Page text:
The module however which most attracted our attention and which, consequently, we spent the most time deliberating was Made of… by and with Johannes Fuchs and which involved the students becoming familiar with the inherent properties of a specific material and then considering how those could be combined with material specific processes to create innovate products based on the material’s inherent properties. A project which resulted in a wide range of products in a variety of materials, from which two cork objects particularly caught our imaginations.
As a material cork has a lot going for it, it is light, formable, hygienic, durable, recyclable, even develops a patina over time, indeed among its only major drawbacks is that it is a very, very, very slow growing tree; however, if properly managed, and for all if proper use is made of waste cork, there is no reason why cork couldn’t be more widely used than it is. Something neatly underscored by two of the Made of… projects: Marin and Sim
Designed by Annik Hodler & Mélody Schulthess Marin takes the idea of the transportable, rechargeable lamp and adds a new dimension: it floats. Meaning, as Annik & Mélody note, swimmers can take it into the water with them to aid their visibility to boats at night. Although we would, and indeed urgently do, argue that swimming at night where boats are active, possibly isn’t that sensible an idea. Even with a lamp. The idea however of a floating cork light not only for providing an atmospheric background light to a summer picnic by the sea/lake/pool/river but also, for example, for use as an emergency lamp for any sailors/canoeists/etc who find themselves involuntarily in the water at night and awaiting rescue, does appeal. Yes, you could also make such from plastic, Marin however brings with it the aesthetic charm of cork and thus an easy accessibility meaning it can be used just as effectively in or out of water: a table lamp on your yacht, and a rescue/accompanying lamp in case you sink.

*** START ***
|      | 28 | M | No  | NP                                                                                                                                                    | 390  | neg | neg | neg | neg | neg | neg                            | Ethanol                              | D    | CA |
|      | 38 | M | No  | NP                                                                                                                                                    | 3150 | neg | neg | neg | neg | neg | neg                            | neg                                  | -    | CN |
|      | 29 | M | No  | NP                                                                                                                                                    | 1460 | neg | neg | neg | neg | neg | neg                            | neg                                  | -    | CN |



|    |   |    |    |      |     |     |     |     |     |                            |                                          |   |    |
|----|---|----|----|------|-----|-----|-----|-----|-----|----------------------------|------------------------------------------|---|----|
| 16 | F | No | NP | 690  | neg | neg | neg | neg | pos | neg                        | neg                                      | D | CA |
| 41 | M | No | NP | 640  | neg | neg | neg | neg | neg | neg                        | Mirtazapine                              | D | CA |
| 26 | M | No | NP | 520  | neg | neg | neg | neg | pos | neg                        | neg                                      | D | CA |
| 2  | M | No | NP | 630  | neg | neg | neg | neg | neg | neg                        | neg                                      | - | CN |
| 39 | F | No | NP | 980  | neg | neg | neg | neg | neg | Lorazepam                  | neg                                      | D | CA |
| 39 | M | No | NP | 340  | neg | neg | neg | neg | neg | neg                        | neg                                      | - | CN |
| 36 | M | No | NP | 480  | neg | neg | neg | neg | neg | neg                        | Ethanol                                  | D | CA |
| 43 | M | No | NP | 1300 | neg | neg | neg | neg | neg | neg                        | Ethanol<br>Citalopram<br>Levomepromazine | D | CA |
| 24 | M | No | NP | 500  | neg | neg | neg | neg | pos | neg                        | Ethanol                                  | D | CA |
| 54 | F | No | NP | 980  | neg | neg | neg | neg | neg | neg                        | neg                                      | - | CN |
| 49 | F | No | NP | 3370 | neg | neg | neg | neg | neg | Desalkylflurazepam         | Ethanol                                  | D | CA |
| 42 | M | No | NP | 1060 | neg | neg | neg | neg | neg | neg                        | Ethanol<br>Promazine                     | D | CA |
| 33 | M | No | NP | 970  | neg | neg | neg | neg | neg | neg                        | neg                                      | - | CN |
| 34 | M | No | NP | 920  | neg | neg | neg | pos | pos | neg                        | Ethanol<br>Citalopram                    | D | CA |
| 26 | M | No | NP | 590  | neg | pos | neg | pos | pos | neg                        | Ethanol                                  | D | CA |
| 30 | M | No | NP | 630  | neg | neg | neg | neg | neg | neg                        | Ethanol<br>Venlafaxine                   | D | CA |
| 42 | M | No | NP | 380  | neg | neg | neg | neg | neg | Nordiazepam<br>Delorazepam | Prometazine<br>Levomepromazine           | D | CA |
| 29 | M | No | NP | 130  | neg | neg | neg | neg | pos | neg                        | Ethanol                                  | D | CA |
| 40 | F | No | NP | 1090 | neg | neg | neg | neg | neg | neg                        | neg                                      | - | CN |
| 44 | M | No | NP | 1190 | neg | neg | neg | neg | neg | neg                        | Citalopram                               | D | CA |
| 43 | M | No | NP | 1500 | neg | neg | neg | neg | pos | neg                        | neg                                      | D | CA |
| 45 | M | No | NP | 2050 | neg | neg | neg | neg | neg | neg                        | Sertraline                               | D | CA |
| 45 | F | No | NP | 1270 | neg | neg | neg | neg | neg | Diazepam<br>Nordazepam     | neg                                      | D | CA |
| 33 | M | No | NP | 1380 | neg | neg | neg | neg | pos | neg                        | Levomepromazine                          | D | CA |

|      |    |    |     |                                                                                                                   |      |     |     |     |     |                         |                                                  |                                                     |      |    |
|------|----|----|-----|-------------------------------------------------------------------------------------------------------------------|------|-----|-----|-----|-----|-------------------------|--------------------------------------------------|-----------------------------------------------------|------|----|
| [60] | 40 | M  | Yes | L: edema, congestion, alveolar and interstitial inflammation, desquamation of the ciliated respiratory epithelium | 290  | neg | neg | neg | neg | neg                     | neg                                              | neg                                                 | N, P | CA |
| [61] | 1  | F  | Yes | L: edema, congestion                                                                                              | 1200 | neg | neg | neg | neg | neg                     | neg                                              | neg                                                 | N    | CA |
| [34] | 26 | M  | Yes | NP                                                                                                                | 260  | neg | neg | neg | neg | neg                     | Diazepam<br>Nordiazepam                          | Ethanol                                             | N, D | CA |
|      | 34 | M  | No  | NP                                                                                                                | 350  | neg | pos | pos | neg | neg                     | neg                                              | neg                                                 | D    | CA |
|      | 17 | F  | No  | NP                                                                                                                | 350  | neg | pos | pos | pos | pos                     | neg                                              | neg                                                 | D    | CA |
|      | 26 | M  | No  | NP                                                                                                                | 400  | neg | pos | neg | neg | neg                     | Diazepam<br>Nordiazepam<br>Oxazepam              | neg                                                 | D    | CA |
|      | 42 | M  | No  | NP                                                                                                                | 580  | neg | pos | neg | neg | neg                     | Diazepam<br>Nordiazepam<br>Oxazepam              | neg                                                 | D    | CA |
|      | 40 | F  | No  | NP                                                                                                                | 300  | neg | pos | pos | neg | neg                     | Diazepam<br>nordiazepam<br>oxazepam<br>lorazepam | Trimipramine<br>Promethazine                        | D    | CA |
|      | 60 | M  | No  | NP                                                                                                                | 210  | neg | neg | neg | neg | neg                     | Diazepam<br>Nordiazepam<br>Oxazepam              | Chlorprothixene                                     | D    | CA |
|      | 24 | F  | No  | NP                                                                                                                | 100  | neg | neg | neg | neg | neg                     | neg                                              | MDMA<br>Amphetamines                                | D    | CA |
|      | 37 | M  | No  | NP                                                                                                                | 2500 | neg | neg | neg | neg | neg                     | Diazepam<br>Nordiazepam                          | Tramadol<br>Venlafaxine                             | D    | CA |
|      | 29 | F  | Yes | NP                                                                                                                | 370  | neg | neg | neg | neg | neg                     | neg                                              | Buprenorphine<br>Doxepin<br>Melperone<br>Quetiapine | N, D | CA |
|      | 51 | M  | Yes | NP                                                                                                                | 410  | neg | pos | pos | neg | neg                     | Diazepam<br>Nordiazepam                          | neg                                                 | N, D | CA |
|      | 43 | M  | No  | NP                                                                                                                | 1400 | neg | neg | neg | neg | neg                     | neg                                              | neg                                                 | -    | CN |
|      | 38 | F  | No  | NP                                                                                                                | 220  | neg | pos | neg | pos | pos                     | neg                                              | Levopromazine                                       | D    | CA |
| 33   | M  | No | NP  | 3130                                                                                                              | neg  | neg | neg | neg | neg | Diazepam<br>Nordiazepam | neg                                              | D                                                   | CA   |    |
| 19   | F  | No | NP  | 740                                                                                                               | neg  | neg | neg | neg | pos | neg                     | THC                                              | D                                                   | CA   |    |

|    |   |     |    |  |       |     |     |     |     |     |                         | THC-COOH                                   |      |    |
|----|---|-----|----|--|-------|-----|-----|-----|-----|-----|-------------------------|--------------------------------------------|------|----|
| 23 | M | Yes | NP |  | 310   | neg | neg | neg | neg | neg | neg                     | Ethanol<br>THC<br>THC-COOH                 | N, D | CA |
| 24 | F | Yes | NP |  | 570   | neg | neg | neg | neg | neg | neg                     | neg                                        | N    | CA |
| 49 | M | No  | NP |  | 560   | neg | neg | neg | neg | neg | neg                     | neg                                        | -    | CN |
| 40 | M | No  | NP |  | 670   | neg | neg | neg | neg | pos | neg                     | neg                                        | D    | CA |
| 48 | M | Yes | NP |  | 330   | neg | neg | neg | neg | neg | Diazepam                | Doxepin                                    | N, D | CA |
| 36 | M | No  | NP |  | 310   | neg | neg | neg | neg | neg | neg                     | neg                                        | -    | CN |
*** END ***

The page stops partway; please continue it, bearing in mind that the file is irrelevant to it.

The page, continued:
As we’ve oft noted in these pages, any object intended to perform two functions invariably implies making/accepting compromises in terms of both. Sim by Eva Böhlen & Sabina Čuruković appears to be a very pleasing exception to the rule, being as it is a chair and a bed both (apparently) well adapted to their respective functions: as a chair it has the low sitting position and broadness of seat and backrest that implies less an object for regular use, as something for the hallway, bedroom, nursery, conservatory, etc, etc, etc, and which can either be used for ad-hock sitting as and when required or brought in to a living room when extra seating is needed. And then it folds out to a bed.
Revealing in the process a hollow. A hollow which not only is the heart and soul of the concept, that which allows it to claim its character and personality, but which provides space for laying out a thin mattress. The hollow also providing neat, convenient storage space for bedding when it’s not needed.
We tried really, really, hard, but couldn’t find anything not to like about it.
Yes, it was only presented as model in Basel, and, yes, there are invariably still all manner of technical, functional and practical problems to be explored and answered, some more obvious than others; but it certainly appears an idea worthy of further exploration, which we hope Eva & Sabina get the opportunity to. It may go nowhere, but then hey, ain’t that what makes design so enthralling, infuriating and fascinating……..
More information on the Institute Industrial Design at the Hochschule für Gestaltung und Kunst Basel can be found at: www.fhnw.ch/institut-industrial-design